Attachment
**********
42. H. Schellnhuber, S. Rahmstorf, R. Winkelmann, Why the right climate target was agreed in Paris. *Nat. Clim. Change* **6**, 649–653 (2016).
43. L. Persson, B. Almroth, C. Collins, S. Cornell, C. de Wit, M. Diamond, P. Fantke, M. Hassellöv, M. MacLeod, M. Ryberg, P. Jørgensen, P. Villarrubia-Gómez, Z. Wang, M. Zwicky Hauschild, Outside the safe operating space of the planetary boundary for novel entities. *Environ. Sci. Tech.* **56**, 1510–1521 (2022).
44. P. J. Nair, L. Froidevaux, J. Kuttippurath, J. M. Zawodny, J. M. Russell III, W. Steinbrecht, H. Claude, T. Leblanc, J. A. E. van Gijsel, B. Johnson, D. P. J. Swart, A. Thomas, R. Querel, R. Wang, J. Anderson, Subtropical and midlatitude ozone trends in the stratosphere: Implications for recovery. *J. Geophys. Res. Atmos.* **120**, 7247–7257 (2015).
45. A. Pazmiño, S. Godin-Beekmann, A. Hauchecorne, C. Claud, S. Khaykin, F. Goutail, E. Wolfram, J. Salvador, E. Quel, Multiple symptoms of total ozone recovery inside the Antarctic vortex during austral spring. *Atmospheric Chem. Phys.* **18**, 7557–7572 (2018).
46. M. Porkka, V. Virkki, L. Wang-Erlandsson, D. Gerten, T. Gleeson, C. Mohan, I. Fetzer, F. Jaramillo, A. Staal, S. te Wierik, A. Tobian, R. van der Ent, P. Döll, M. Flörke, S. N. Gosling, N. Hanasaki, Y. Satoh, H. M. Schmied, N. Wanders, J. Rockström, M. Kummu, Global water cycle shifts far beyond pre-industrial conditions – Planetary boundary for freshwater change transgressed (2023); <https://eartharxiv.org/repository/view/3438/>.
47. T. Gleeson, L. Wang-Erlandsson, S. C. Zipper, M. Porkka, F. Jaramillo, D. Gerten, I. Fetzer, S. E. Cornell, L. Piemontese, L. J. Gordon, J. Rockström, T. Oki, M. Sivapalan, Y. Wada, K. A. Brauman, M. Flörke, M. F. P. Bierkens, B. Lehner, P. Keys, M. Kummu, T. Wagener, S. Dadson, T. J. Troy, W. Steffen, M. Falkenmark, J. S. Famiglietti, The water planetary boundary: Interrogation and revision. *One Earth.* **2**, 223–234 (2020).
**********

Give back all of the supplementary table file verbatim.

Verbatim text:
42. H. Schellnhuber, S. Rahmstorf, R. Winkelmann, Why the right climate target was agreed in Paris. *Nat. Clim. Change* **6**, 649–653 (2016).
43. L. Persson, B. Almroth, C. Collins, S. Cornell, C. de Wit, M. Diamond, P. Fantke, M. Hassellöv, M. MacLeod, M. Ryberg, P. Jørgensen, P. Villarrubia-Gómez, Z. Wang, M. Zwicky Hauschild, Outside the safe operating space of the planetary boundary for novel entities. *Environ. Sci. Tech.* **56**, 1510–1521 (2022).
44. P. J. Nair, L. Froidevaux, J. Kuttippurath, J. M. Zawodny, J. M. Russell III, W. Steinbrecht, H. Claude, T. Leblanc, J. A. E. van Gijsel, B. Johnson, D. P. J. Swart, A. Thomas, R. Querel, R. Wang, J. Anderson, Subtropical and midlatitude ozone trends in the stratosphere: Implications for recovery. *J. Geophys. Res. Atmos.* **120**, 7247–7257 (2015).
45. A. Pazmiño, S. Godin-Beekmann, A. Hauchecorne, C. Claud, S. Khaykin, F. Goutail, E. Wolfram, J. Salvador, E. Quel, Multiple symptoms of total ozone recovery inside the Antarctic vortex during austral spring. *Atmospheric Chem. Phys.* **18**, 7557–7572 (2018).
46. M. Porkka, V. Virkki, L. Wang-Erlandsson, D. Gerten, T. Gleeson, C. Mohan, I. Fetzer, F. Jaramillo, A. Staal, S. te Wierik, A. Tobian, R. van der Ent, P. Döll, M. Flörke, S. N. Gosling, N. Hanasaki, Y. Satoh, H. M. Schmied, N. Wanders, J. Rockström, M. Kummu, Global water cycle shifts far beyond pre-industrial conditions – Planetary boundary for freshwater change transgressed (2023); <https://eartharxiv.org/repository/view/3438/>.
47. T. Gleeson, L. Wang-Erlandsson, S. C. Zipper, M. Porkka, F. Jaramillo, D. Gerten, I. Fetzer, S. E. Cornell, L. Piemontese, L. J. Gordon, J. Rockström, T. Oki, M. Sivapalan, Y. Wada, K. A. Brauman, M. Flörke, M. F. P. Bierkens, B. Lehner, P. Keys, M. Kummu, T. Wagener, S. Dadson, T. J. Troy, W. Steffen, M. Falkenmark, J. S. Famiglietti, The water planetary boundary: Interrogation and revision. *One Earth.* **2**, 223–234 (2020).